>----- Original Message -----
>From: <kynn-eda@idyllmtn.com>
>To: "Joel Ward" <ward_joel@bah.com>
>Cc: "WAI List" <w3c-wai-ig@w3.org>
>Sent: Thursday, January 31, 2002 11:35 AM
>Subject: Re: Creating accessible tables for layout and data: alt attributes
>> Joel wrote:
>> > However, I feel user is the one who should decide whether to read or
>> > the information.  If the author can add simple alt text to an image to
>> > convey what's in the image, then user has the option whether to
>interpret it
>> > or not.
>> Right, but it's also possible to overdo things. It's possible to add
>> complex alt text to all images which could ultimately distract from
>> the purpose of the page.
>> > If the author feels only visual users deserve to know about their
>> > then I feel they may be discriminating.
>> I think that's a very loaded term -- I don't know where you are from,
>> actually, but at least out here a claim of "discrimination" is very
>> serious.
>> Therefore I think it's important to look further at what we are talking
>> about and determine to what degree it is discrimination.
>> For example, let's say that I'm writing a column for an online web
>> zine. Along with the column, there's a picture of me. The question
>> now is how do you label the picture of me?
>> Is it important that I'm a white man? That wear eyeglasses? That I'm
>> slightly overweight? That I have a goatee? That I have blue eyes and
>> blond hair? That I am 6'2"? That I am wearing a suit or a sweater or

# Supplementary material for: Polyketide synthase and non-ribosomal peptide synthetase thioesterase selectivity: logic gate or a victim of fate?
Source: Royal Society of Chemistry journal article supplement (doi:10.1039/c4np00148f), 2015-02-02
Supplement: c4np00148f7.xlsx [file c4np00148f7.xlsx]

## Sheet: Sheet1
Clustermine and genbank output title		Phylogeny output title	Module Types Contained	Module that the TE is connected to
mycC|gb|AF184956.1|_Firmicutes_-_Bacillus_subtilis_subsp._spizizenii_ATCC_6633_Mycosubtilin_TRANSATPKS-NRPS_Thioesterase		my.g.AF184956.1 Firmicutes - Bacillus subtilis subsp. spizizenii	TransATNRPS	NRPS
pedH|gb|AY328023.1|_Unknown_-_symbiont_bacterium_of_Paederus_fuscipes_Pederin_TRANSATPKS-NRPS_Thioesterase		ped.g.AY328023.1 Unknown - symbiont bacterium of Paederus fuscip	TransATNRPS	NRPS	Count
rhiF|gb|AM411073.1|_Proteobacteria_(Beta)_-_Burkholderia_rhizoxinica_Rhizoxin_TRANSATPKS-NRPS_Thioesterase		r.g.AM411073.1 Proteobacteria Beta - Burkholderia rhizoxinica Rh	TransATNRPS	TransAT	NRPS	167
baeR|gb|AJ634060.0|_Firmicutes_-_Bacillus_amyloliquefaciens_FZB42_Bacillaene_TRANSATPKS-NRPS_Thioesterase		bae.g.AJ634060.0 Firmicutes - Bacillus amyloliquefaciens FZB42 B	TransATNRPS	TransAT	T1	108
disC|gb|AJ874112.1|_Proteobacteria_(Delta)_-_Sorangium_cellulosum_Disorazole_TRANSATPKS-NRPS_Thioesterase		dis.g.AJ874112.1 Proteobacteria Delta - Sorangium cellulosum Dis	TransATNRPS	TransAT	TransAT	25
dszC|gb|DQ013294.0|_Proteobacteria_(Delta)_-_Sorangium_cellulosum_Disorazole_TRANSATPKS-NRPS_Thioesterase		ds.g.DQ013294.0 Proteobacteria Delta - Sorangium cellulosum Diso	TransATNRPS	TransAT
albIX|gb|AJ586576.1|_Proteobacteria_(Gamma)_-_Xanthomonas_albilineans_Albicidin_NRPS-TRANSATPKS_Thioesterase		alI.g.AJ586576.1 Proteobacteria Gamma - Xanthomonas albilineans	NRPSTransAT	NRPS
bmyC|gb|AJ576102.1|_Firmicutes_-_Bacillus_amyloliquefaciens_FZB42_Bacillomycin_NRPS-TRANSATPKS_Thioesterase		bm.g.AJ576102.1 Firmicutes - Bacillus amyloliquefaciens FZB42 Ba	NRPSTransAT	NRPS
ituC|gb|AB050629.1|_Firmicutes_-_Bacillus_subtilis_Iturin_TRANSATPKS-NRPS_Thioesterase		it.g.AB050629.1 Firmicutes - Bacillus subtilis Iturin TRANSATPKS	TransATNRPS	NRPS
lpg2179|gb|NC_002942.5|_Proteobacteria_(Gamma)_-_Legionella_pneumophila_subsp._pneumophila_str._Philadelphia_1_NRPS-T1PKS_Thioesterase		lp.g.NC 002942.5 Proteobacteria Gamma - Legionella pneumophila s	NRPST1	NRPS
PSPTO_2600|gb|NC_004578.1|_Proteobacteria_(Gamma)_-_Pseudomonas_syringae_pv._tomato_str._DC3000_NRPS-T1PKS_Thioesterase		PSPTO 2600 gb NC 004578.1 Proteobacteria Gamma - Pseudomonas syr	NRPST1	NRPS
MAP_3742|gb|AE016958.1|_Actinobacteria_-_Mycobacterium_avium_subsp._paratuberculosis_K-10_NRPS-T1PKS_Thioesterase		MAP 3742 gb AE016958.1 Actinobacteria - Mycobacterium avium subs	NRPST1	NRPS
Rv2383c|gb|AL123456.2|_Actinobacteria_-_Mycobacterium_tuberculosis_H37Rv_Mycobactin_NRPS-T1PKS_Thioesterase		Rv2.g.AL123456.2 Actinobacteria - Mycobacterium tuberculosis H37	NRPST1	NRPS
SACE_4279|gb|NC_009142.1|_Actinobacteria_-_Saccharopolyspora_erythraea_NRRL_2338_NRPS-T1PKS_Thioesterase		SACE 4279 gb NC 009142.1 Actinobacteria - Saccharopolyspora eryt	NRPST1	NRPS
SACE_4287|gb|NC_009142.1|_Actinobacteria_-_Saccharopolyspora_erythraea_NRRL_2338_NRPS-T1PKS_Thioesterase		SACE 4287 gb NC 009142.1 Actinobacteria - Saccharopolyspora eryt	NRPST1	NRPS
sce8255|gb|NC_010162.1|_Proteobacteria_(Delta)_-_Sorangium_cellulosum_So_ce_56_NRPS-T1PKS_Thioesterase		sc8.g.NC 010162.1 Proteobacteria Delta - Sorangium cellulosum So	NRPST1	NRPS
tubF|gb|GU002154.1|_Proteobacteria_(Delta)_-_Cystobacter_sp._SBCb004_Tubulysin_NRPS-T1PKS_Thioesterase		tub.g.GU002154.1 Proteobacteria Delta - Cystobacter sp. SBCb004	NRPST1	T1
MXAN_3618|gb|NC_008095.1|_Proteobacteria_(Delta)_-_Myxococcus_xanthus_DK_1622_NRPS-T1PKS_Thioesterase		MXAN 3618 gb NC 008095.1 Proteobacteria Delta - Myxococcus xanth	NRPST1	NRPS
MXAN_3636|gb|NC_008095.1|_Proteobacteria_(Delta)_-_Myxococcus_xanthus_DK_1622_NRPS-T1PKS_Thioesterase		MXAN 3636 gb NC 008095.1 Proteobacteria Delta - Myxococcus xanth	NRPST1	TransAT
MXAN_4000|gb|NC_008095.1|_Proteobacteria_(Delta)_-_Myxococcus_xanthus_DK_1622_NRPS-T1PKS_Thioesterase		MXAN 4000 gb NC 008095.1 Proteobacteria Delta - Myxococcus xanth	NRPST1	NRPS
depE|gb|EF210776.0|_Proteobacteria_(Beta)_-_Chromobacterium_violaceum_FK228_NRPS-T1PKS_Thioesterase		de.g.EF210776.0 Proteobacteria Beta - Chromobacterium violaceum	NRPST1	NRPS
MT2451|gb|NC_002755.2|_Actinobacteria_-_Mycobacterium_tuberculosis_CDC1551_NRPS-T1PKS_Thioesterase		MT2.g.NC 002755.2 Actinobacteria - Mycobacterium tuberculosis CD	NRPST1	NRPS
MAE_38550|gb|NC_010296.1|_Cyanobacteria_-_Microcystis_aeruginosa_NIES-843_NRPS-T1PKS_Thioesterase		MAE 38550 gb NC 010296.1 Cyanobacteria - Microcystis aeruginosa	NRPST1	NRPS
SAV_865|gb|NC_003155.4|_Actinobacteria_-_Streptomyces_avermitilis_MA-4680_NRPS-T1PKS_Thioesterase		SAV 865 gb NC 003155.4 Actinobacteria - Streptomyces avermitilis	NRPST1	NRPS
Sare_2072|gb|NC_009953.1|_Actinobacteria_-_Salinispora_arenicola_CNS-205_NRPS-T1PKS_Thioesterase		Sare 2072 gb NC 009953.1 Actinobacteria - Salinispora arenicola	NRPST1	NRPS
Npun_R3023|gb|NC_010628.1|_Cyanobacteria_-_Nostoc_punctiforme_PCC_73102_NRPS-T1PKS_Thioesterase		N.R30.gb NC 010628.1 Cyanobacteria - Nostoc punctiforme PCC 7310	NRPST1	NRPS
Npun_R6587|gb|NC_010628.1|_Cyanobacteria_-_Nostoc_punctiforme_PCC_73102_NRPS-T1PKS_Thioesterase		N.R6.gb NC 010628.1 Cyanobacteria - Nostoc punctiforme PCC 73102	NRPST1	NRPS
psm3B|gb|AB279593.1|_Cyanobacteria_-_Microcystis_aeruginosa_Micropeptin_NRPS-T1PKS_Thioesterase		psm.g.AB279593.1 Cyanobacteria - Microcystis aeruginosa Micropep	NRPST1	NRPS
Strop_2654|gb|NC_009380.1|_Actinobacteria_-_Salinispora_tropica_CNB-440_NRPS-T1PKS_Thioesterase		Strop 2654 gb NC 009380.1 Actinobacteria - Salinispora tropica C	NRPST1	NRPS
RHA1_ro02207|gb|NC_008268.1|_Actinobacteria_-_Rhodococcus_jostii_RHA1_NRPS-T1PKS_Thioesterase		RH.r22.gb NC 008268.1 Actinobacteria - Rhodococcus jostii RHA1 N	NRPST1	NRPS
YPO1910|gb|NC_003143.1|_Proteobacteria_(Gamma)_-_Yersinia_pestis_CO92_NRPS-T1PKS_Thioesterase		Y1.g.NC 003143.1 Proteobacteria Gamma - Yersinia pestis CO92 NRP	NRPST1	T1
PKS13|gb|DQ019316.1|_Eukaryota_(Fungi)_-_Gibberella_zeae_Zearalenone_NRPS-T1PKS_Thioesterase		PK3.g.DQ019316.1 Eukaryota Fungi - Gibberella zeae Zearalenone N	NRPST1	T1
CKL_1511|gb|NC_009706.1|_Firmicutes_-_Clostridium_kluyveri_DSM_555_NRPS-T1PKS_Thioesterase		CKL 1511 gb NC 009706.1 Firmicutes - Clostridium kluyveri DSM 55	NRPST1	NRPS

>> a tie or no tie? Does the color of my tie matter? What if I'm wearing
>> a pin which can't be made out clearly but it's obvious that I'm
>> wearing one? What about my age? What about my probable ethnic
>> background and possibly even social class? What about the lighting
>> where I am, and the background?
>> This is all information which _could_ be conveyed in the visual
>> image. The question then is "what needs to be represented, either in
>> alt text or in a long description?"
>> There are two approaches:
>> * The _important_ information needs to be conveyed, where the
>>   importance is determined by the author's knowledge of the page's
>>   purpose.
>> * All possible information from the visual graphic needs to be
>>   provided to the user, because otherwise it's discrimination.
>> I'm obviously on the side of the first; the second is much too
>> absolutist and ultimately reaches absurdness. If you leave out the
>> fact that I am wearing a tie, then you're denying information to
>> users who can't see the picture -- is that discrimination?  Within
>> the context of the page, which is meant to offer up a column of
>> information, I would say clearly not.
>> > Since it's easy enough to add alt text, why not just add it?
>> Because too much content can weaken the message of the page. The
>> question isn't whether to use alt text, it's whether or not there's
>> additional information that _should_ be conveyed which isn't getting
>> conveyed.
>> > And like I said before, if the image isn't
>> > important enough for alt text, why include it at all?
>> Down that way lies madness. As long as the content is accessible in
>> other ways, _or_ is unimportant to the purpose of the page, there's no
>> need to make that information accessible. And removing it, even if it
>> will help other users understand the page, is an even worse idea.
>> --Kynn
Received on Thursday, 31 January 2002 12:49:56 UTC